The most striking moments from Vladimir Putin’s December 17 press conference came when the Russian president condemned Turkey in rather colorful terms—the English transcript cleaned it up from “lick the Americans in a certain place” to “brown nose the Americans”—over its downing of a Russian Su-24 fighter bomber on November 24, an act Putin had previously termed a “stab in the back.”
In early December, Russian and foreign press published the first mention of a new transport route linking China and Europe which has just come into operation. The partners of the project: Kazakhstan, Azerbaijan, Georgia and Turkey have offered Chinese industrialists express deliveries of goods to the EU by rail in 8-12 days.
U.S. Vice President Joseph Biden visited Ukraine this week, bringing with him the promise of $190M in new assistance and insistence that the Ukrainian government press on with economic reforms and the fight against corruption.
There can be little doubt that the question of U.S. policy towards Russia is due for a rethink. Russian actions over the last two years have challenged assumptions in Washington about Russian preferences, and debate rages regarding possible responses and policies.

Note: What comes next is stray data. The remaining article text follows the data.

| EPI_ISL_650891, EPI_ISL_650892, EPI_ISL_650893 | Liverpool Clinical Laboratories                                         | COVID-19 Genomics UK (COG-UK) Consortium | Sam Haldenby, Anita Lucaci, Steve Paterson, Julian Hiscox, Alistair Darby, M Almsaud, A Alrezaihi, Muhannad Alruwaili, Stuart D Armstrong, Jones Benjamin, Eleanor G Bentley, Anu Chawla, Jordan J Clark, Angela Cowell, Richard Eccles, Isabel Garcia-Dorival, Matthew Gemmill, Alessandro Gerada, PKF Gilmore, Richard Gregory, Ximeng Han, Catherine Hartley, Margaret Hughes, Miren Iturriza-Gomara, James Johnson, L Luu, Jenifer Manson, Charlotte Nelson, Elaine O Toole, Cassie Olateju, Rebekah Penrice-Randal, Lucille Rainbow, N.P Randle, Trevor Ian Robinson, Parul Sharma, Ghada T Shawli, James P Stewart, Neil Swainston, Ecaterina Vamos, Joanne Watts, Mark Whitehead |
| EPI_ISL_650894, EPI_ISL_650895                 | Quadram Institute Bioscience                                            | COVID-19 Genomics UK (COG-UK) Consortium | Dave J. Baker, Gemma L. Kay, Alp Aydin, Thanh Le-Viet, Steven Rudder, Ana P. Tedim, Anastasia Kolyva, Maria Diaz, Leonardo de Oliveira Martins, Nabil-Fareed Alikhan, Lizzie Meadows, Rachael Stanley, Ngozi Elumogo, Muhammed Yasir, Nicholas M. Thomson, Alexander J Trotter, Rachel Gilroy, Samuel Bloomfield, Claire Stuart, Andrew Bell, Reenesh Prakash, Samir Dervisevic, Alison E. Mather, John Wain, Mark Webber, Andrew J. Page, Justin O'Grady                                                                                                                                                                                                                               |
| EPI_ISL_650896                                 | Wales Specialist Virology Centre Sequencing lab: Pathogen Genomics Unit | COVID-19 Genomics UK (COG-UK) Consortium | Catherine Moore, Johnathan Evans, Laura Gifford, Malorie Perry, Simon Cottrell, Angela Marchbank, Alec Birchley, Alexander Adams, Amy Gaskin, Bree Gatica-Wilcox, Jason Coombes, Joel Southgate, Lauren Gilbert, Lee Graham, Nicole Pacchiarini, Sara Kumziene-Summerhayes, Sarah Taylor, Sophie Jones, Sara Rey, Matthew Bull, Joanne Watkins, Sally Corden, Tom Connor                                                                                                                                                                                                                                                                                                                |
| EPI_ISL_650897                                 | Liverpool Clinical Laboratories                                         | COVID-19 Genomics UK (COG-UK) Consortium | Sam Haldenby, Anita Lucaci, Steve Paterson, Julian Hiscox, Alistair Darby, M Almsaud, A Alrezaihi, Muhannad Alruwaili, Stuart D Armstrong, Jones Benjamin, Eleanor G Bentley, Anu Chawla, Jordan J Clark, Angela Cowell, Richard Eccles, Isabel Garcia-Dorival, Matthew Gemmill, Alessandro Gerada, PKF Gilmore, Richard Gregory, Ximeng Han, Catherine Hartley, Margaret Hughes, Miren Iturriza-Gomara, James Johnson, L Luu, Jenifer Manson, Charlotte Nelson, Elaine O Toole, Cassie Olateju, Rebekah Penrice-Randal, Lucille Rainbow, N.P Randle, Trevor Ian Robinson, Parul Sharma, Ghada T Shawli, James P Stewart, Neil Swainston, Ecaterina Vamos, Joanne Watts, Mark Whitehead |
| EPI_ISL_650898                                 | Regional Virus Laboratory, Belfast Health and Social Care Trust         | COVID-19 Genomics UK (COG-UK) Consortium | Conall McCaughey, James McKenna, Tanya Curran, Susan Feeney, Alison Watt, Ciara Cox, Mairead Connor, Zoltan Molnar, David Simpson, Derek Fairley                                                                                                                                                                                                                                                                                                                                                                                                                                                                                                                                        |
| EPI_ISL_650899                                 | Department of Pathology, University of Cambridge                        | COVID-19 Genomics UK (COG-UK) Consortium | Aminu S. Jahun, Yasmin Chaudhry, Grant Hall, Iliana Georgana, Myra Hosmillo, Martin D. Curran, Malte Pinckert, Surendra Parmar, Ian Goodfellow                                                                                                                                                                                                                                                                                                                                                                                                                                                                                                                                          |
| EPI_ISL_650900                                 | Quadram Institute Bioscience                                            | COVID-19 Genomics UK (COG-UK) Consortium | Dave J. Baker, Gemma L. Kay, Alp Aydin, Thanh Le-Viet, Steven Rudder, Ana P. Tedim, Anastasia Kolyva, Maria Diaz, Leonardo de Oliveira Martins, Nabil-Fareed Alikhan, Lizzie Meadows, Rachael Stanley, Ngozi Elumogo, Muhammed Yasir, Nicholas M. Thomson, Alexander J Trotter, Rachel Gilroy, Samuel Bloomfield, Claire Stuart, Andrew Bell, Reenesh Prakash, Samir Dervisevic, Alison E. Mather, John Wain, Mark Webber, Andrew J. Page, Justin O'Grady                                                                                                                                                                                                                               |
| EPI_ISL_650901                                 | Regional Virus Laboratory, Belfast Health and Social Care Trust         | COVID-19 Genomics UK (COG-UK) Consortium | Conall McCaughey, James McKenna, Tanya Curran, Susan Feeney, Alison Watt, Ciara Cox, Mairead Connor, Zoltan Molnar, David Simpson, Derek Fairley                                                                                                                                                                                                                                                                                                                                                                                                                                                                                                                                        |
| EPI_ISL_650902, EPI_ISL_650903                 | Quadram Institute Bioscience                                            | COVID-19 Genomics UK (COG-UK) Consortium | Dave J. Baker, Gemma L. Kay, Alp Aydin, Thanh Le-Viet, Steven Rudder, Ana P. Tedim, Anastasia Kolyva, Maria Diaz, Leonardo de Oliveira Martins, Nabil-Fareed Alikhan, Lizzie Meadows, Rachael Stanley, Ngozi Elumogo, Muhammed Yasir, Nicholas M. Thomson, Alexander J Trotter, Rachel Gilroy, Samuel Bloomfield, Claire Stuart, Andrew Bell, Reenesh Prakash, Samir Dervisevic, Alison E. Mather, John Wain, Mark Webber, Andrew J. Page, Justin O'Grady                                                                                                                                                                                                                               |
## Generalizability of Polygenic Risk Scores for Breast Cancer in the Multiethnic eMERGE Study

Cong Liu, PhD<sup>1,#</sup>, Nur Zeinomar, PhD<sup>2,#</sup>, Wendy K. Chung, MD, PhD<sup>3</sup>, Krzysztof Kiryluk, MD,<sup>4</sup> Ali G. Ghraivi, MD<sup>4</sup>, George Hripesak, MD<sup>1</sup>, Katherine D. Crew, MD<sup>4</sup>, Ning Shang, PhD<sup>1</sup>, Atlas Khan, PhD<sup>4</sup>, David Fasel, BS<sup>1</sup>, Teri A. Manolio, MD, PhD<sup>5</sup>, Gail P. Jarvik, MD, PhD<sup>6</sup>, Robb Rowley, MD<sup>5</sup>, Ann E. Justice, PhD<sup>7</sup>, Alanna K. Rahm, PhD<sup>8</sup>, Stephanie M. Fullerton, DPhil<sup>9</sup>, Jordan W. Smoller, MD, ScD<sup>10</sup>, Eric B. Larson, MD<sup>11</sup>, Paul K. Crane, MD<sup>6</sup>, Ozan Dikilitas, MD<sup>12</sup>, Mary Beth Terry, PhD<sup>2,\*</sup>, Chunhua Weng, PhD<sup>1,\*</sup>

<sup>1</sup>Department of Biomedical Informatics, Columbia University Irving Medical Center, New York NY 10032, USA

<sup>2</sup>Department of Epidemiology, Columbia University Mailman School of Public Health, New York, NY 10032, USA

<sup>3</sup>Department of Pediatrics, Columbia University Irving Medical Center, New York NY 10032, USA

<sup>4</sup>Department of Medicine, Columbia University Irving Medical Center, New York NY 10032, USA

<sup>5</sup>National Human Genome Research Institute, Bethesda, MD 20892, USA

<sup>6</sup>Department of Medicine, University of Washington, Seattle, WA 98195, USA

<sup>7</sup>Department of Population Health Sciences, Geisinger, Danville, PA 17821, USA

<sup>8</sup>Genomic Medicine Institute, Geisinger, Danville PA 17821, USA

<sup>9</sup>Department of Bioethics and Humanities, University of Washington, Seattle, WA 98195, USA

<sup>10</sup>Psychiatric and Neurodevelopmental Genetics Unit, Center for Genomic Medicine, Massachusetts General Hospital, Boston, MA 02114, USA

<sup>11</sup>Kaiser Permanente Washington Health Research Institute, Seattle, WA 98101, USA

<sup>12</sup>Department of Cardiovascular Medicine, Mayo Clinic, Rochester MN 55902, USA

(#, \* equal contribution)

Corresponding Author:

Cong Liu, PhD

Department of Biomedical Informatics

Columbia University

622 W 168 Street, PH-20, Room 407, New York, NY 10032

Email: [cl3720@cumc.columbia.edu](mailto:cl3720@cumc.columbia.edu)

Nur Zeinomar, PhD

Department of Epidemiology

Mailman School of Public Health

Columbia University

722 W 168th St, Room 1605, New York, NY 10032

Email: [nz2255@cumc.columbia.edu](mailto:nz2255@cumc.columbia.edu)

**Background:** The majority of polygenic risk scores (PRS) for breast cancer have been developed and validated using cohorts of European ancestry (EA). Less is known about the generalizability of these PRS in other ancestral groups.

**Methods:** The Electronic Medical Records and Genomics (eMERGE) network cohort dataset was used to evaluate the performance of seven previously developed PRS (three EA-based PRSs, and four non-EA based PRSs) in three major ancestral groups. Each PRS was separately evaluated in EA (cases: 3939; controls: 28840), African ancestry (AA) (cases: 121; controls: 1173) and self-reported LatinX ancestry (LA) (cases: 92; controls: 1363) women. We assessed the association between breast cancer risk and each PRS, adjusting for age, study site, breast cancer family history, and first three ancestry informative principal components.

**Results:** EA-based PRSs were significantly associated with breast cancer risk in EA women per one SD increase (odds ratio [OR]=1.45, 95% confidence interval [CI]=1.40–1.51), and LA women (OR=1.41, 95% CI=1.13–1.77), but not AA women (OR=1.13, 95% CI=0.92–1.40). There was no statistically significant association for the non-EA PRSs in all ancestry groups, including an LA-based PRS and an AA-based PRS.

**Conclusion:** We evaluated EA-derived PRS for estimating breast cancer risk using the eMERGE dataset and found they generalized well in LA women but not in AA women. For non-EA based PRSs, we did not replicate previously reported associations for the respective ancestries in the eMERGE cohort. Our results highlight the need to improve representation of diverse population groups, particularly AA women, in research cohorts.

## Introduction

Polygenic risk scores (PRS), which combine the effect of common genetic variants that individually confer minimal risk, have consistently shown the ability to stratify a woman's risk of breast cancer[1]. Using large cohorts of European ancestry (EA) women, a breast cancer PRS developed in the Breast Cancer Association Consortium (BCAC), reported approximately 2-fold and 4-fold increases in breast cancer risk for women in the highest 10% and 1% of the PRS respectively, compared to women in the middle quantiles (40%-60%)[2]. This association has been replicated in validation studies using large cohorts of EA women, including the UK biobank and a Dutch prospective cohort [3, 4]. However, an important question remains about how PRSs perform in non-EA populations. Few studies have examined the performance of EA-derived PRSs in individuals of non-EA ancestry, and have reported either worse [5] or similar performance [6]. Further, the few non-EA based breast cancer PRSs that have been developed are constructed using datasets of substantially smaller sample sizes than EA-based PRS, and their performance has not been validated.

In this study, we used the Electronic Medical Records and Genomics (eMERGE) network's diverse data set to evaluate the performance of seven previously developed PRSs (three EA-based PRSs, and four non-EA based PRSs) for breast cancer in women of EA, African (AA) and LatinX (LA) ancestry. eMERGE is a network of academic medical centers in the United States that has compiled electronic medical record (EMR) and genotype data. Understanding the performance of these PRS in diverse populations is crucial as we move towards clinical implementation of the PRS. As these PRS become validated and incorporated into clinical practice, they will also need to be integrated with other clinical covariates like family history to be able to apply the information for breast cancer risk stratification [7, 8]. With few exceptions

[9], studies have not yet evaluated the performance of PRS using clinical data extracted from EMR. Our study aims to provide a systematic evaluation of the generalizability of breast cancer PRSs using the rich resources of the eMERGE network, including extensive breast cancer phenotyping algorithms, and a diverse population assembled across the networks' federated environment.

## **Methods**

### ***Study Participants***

By Douglas Farah
Senior Non-Resident Fellow, Americas Program
In parts of the impoverished, dusty Choloma neighborhood on the outskirts of San Pedro Sula, Honduras, rag tag children stream down unpaved roads to a bare cinderblock community center where they receive a small bowl of soup and some bread, often the bulk of their daily nutrition.
July 24 marks a significant milestone in the global effort to eradicate polio: Nigeria, one of the countries where wild poliovirus has proven hardest to extinguish, has reported no cases of the disease for a year. While the success should be celebrated, it also should be viewed with a note of caution. The country’s polio program needs continued political attention and sufficient resources to achieve official polio-free certification, a determination made formally by the World Health Organization only after three full years with no cases.